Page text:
- Beacons of Life -
One of my dreams has been to climb a lighthouse and enjoy the sunset from the tower. This dream came true during a lighthouse tour of Sri Lanka.
Beruwela lighthouse is located on Barberyn Island on the southwest coast of Sri Lanka. An exciting 10-minute boat ride from the town of Beruwela transported me to Barberyn, a place removed from the hustle and bustle of people, cars and traffic. The island is a slice of paradise nestled in the Indian Ocean.
Three-quarters of Barberyn is covered with coconut trees, Plumeria flowers, mango and cashew trees, and the cooling shade of buffalo grass. Exotic birds, reptiles and insects roam the island and I felt an instant bonding with nature.
My guide, Fernando, led the way along a circular gravel path to the lighthouse. The grand, yellow tower stood majestically at the edge of a 30-metre cliff.
One of the keepers greeted us enthusiastically. Rohan was more than happy to indulge in some lighthouse storytelling. "Imagine living in an era with no radio communications, electric lights or navigational aids and your sailboat was on the spice trade route from England to Ceylon. How do you avoid dangerous rocks when it is pitch-black at night? What tools do you use for navigation? Who's there to shine a light in the darkness?
"Lighthouses came into existence during this era. The two main purposes of a lighthouse were to serve as a navigational aid and to warn ships of dangerous areas. A lighthouse was like a traffic sign at sea".
"How is the Beruwela Light operated?" I asked, as I became interested in the practical purpose of the magnificent tower.
"Five keepers take turns to watch the lighthouse.
The light goes on from 6.30 pm until 6.30 am. The light rotates for one minute each time and directs sailors".
We walked around, admiring some of the few man-made structures on the island. An old well built by the British, that once supplied water to the inhabitants, was now abandoned; but the clay roofed hut, which was a bar for the keepers years ago, is still a place to socialise although there are no gin and tonics.
After relishing a picnic lunch under some shady cashew trees, we headed towards the mainland. We stayed at Ypsylon Guest House, a friendly hotel run by a German, which offered fantastic views of the lighthouse at night.
The following day we proceeded towards the historic town of Galle. "Of the 14 remaining lighthouses in Sri Lanka only the Galle lighthouse is located at a World Heritage Site", Fernando explained. "For centuries, Galle was Sri Lanka's main port as it has an excellent natural harbour.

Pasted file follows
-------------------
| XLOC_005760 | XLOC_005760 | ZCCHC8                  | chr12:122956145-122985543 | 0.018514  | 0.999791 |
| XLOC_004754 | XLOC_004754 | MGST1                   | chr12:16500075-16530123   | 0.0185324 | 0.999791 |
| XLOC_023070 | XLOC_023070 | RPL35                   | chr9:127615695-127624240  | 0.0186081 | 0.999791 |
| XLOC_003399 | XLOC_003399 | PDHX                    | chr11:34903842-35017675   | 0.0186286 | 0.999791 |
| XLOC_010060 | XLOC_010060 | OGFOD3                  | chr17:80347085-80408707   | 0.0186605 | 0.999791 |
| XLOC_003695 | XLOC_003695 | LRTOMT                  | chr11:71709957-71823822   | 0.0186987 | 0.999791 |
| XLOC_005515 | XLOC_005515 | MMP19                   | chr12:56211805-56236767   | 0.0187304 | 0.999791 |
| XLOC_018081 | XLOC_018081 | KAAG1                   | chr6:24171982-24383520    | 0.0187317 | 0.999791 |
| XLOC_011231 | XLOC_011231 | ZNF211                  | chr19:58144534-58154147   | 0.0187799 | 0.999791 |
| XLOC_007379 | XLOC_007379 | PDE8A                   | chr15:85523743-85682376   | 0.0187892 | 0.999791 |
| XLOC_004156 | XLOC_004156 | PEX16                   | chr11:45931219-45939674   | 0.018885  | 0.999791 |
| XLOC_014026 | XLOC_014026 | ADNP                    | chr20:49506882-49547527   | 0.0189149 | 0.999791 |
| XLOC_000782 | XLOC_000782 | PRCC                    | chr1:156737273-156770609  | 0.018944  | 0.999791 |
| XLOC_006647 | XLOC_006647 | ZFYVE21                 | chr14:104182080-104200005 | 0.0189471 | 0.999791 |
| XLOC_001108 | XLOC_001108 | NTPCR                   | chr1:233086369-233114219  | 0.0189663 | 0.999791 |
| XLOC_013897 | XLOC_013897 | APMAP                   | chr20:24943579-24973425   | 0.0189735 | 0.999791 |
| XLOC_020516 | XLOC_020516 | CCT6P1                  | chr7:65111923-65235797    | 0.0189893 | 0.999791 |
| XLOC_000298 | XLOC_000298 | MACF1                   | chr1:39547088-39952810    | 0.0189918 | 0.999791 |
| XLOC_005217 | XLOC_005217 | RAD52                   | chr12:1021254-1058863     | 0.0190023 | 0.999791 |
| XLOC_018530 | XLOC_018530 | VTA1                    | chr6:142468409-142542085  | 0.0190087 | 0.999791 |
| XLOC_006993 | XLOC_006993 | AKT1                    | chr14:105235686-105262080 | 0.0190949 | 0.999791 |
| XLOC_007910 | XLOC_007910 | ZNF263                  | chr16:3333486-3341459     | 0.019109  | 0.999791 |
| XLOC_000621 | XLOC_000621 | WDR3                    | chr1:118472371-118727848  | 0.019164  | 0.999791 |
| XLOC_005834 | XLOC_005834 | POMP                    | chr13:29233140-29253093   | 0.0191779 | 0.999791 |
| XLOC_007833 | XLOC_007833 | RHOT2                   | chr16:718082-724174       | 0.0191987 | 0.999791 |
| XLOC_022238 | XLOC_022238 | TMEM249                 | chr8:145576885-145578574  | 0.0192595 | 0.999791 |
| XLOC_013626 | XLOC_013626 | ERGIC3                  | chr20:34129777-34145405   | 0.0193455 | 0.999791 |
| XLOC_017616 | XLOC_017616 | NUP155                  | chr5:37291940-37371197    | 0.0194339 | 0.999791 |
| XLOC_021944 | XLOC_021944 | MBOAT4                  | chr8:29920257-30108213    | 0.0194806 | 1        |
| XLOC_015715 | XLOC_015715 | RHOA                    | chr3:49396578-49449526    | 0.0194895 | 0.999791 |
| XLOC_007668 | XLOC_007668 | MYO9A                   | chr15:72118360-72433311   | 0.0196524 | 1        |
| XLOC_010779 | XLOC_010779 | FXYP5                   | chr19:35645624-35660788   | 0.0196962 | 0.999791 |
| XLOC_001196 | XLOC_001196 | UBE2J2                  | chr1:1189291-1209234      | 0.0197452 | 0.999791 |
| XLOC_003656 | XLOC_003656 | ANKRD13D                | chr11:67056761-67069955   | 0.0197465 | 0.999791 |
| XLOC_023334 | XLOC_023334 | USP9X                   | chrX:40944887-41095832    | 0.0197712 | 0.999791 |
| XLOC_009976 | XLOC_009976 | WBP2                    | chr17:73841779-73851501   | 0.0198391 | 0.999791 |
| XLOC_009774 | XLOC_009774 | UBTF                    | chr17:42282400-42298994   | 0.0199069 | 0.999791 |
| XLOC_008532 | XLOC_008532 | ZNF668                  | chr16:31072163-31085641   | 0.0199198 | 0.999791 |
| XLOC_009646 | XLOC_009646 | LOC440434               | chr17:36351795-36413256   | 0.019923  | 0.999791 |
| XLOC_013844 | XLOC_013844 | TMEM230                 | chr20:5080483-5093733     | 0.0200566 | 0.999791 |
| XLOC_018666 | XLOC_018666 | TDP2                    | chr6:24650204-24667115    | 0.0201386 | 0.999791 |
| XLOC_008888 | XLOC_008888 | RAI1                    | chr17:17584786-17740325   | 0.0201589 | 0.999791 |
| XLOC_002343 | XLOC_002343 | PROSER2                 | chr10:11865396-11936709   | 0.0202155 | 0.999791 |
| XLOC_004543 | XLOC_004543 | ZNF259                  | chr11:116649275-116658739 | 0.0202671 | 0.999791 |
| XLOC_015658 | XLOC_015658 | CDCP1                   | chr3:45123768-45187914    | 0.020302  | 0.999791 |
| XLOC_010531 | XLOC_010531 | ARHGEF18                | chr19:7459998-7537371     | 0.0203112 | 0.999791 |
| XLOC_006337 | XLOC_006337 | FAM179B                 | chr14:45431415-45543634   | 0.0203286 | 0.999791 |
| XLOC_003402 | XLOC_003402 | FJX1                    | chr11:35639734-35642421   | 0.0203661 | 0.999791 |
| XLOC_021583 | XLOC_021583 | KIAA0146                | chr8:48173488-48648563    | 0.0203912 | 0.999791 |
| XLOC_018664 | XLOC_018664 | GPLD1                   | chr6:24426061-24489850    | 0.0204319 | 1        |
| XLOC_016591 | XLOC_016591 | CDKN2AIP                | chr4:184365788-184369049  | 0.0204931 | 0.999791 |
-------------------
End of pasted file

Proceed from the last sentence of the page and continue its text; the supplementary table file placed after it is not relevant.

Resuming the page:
The port of Galle dates back to the time when Arab traders sailed to China in search of eastern riches. Galle was their last haven before crossing the Bay of Bengal. Perhaps one of the earliest recorded references to Galle comes from the great Arab traveller Iban Battuta, who visited the port, which he calls Qali, in the mid 14th century. Galle was central to the spice trade route".
The Galle lighthouse is situated inside the landmark Galle Fort. It is built seven metres above the road on the ramparts.
Harischandra, the lighthouse keeper, was on hand to answer our questions. "Do you enjoy looking after the lighthouse?" I asked him.
I Love it. I'm fortunate to have a job at a World Heritage Site. This is a wonderful place to be. Everyday, tourists come to visit the Galle Fort and the lighthouse compound is always full of life. " He was right. At that very moment children were playing cricket on the lawn surrounding the lighthouse and tourists strolled by to admire the tower.
"I don't climb the lighthouse every day to operate the lights like I used to," continued Harischandra.
"The lights are operated through a computer. The light at the top goes on automatically at night and switches off automatically at dawn. I still have my job in case there is a power outage," he said with a touch of sadness.
My last visit was to Dondra lighthouse on the southern coast of Sri Lanka. Dondra is located six kilometres southeast from the town of Matara.
"Dondra is the tallest lighthouse in Sri Lanka, "Fernando explained as we drove along the narrow lane leading to it. Entering the Dondra lighthouse premises is like approaching a secluded monastery.
Coconut trees, Bougainvillea flowers and cooling grass surround the lighthouse area. The fresh breeze, freely offered by the Indian Ocean, cooled the heat. We walked along a sand path to the keeper's quarters.